Skip to content
Subscriber Only

The Toll of Holding a Job While Coping With Mental Health Issues

Three stories from the workplace.

China McCarney, vice president at Jaeger Sports in Los Angeles.

China McCarney, vice president at Jaeger Sports in Los Angeles.

Photographer: John Francis Peters for Bloomberg Businessweek

Absenteeism is one of the most noticeable symptoms of people who deal with mental health problems while holding down a job. But there’s also presenteeism, when people show up for work yet are unable to perform their best because of how they’re feeling. And the need to take breaks from working can lead to résumés with lots of jobs with short tenures. We spoke to a number of people about their experiences managing their mental health in the workplace. They had jobs that offered varying degrees of flexibility and at companies both large and small. Consistently they talked about the fear of disclosure. Underemployment and gaps in their résumés were common themes. Some who chose to open up to their superiors say getting a positive response made it easier for them to manage their mental health. Here are accounts of people who are trying to establish successful careers while living with mental health conditions in America.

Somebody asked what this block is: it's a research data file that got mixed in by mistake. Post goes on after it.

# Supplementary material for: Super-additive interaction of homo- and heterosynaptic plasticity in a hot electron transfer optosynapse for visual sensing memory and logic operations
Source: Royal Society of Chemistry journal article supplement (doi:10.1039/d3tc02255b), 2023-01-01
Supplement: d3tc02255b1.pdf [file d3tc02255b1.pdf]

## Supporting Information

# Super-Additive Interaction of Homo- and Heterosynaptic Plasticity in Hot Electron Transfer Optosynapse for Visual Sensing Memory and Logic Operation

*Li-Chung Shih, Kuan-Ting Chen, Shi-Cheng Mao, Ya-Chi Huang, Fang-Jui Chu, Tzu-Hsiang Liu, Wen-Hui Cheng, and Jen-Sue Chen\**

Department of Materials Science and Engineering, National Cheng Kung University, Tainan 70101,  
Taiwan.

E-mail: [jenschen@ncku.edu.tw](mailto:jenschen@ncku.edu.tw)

Kevin’s résumé has holes. There were high points: After completing a master’s in communications, he landed positions at one of the country’s biggest insurance companies and one of the top accounting firms, working his way up to managing 12 colleagues. But he never felt comfortable telling a boss about his depression. During particularly bad bouts, he found himself on performance improvement plans or, worse, fired. He attempted suicide twice and took prolonged breaks between jobs to recover.